A functional promoter polymorphism of the nitric oxide synthase 1 gene first exon 1f variable number tandem repeat (NOS1 ex1f-VNTR) is associated with impulsivity and related psychopathology. Facets of impulsivity are strongly associated with personality traits; maladaptive impulsivity with neuroticism; and adaptive impulsivity with extraversion. Both high neuroticism and low extraversion predict anxiety and depressive symptoms. The aim of the present study was to evaluate the effect of the NOS1 ex1f-VNTR genotype and possible interaction with environmental factors on personality, anxiety, and depressiveness in a population-representative sample. Short allele carriers had higher neuroticism and anxiety than individuals with the long/long (l/l) genotype. Male short/short homozygotes also had higher extraversion. In the face of environmental adversity, females with a short allele had higher scores of neuroticism, anxiety, and depressiveness compared to the l/l genotype. Males were more sensitive to environmental conditions when they had the l/l genotype and low extraversion. In conclusion, the NOS1 ex1f-VNTR influences personality and emotional regulation dependent on gender and environment. Together with previous findings on the effect of the NOS1 genotype on impulse control, these data suggest that NOS1 should be considered another plasticity gene, because its variants are associated with different coping strategies.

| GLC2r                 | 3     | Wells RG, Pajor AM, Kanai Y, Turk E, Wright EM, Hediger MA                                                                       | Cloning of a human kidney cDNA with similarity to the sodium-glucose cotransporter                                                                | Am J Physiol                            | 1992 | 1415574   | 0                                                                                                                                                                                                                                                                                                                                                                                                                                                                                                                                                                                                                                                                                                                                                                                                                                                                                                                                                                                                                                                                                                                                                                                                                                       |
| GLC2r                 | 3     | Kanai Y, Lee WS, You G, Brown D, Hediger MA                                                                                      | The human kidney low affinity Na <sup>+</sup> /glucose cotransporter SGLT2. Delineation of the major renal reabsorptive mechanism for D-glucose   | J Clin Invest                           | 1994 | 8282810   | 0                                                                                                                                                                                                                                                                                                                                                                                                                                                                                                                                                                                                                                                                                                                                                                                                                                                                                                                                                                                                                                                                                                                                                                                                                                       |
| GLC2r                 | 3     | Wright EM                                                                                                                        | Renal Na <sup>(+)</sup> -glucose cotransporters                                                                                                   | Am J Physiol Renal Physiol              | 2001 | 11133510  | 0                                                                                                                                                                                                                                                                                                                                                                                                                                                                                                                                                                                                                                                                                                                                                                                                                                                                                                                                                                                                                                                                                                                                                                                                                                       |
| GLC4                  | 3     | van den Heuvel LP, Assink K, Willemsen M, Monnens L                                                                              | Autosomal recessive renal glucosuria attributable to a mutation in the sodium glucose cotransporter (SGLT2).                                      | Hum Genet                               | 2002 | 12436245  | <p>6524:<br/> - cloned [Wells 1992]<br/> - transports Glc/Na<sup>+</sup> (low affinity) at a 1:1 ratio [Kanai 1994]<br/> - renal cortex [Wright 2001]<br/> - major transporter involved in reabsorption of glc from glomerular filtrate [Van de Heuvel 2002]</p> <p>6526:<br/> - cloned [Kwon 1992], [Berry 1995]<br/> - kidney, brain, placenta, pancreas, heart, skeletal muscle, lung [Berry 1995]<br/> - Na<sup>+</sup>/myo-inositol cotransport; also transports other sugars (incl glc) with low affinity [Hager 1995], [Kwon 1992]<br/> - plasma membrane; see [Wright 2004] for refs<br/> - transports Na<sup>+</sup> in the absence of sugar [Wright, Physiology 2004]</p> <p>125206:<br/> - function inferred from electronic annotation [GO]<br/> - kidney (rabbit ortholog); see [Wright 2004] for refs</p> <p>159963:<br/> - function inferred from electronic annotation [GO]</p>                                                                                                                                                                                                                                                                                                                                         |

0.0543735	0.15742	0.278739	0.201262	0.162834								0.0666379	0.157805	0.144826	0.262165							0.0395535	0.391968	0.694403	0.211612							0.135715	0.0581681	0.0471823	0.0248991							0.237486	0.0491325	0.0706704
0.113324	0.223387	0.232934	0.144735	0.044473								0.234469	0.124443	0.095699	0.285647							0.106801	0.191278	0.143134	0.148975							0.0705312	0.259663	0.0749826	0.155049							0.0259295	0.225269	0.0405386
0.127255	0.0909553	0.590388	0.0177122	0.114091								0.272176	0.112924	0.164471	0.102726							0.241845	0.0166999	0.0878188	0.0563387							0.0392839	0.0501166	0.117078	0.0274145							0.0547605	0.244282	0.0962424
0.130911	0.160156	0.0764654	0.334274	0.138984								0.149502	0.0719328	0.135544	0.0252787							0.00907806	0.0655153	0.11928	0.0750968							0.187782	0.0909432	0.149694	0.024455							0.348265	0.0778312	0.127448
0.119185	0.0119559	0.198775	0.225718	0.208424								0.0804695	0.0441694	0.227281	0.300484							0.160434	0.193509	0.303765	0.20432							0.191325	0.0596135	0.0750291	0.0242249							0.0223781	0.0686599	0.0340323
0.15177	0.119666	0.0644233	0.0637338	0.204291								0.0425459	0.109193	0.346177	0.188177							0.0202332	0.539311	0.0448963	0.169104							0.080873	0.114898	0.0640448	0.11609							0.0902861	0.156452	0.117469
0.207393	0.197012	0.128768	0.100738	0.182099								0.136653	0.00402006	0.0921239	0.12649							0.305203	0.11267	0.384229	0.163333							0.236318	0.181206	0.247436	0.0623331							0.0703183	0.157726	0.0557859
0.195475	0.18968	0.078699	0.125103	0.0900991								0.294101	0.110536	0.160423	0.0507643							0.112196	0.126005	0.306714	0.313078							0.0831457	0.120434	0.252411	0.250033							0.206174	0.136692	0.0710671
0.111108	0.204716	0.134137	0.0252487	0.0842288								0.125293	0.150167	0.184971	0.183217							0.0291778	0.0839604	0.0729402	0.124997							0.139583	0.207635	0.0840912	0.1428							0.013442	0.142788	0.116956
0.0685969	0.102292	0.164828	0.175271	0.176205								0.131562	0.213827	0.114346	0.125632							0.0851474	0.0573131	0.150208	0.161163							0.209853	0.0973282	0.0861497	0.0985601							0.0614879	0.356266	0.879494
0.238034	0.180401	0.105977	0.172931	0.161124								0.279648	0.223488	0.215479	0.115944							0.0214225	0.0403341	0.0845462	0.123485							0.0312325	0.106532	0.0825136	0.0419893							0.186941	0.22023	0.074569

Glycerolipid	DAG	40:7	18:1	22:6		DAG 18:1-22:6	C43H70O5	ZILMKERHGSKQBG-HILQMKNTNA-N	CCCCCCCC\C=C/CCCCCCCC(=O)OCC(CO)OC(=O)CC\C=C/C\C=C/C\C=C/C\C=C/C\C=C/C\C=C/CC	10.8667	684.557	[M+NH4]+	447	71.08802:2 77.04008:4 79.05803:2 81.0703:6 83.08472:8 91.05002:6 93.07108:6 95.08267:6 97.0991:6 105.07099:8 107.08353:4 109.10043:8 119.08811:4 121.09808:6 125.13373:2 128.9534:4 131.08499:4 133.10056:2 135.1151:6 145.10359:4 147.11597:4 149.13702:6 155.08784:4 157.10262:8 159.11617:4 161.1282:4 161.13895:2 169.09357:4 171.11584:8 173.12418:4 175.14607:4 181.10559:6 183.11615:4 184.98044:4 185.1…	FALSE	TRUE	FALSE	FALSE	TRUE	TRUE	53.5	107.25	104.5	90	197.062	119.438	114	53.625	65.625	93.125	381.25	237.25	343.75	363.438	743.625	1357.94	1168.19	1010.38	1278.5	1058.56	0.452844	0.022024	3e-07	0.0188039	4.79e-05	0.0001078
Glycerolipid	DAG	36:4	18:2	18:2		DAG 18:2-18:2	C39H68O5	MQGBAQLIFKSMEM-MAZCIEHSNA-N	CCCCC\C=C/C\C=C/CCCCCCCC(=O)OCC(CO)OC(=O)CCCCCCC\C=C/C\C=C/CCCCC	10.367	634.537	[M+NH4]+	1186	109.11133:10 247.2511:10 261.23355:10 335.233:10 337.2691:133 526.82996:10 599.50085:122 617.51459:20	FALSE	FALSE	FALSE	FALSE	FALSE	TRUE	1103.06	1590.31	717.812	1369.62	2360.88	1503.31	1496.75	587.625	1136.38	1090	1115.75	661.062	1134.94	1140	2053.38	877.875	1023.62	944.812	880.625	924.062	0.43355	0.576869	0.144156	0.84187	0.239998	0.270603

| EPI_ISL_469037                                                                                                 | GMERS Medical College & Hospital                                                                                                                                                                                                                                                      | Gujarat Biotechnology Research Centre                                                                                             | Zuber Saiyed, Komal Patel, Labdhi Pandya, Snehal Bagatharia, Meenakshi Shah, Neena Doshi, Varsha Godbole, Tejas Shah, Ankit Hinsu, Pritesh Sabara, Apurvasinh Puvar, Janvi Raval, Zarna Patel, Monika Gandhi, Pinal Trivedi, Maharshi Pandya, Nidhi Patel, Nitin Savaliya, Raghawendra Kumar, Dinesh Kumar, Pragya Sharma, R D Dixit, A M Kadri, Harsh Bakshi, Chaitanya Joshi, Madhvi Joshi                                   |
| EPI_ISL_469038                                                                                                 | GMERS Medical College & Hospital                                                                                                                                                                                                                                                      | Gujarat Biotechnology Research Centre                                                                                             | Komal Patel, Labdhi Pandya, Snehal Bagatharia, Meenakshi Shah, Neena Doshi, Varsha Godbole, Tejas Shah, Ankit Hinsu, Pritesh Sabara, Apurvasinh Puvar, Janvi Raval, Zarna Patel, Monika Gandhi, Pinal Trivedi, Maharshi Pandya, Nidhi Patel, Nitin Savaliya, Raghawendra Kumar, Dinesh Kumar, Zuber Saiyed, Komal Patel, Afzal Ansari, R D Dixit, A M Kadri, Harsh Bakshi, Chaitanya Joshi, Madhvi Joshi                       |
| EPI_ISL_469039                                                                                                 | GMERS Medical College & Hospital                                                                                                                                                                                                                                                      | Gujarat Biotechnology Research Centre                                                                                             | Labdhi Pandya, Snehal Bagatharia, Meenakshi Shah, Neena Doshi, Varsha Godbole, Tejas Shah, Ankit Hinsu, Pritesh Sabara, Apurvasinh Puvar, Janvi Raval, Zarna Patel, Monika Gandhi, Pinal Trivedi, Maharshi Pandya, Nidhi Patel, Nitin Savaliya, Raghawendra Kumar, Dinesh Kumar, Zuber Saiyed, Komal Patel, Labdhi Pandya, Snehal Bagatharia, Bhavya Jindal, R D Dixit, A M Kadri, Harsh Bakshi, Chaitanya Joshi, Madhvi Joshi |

The goal of this study was to propose a systematic classification of relevant personal factors for describing the background of an individual's life and way of living. The German Society of Social Medicine and Prevention constituted an ICF working group consisting of members from Medical Advisory Boards of Statutory Health Insurances (n = 6) and other institutions (n = 12) in 2009. A two-tier consensus building approach was utilised to construct and document the personal factors, with an initial team of experts compiling the personal factors and a second group of experts, who had not participated in developing the initial proposal, validating the process. The consensus process resulted in personal factors classified into 72 categories and arranged in six chapters as follows: general factors normally unchangeable (chapter 1); a person's inherent physical and mental constitution (chapters 2 and 3); more modifiable factors, such as attitudes, basic skills and behaviour patterns (chapter 4); life situation and socioeconomic/sociocultural factors (chapter 5); and other health factors e.g., prior interventions (chapter 6). We believe the personal factors from this effort to be a good basis for a wider global dialogue on their operationalisation.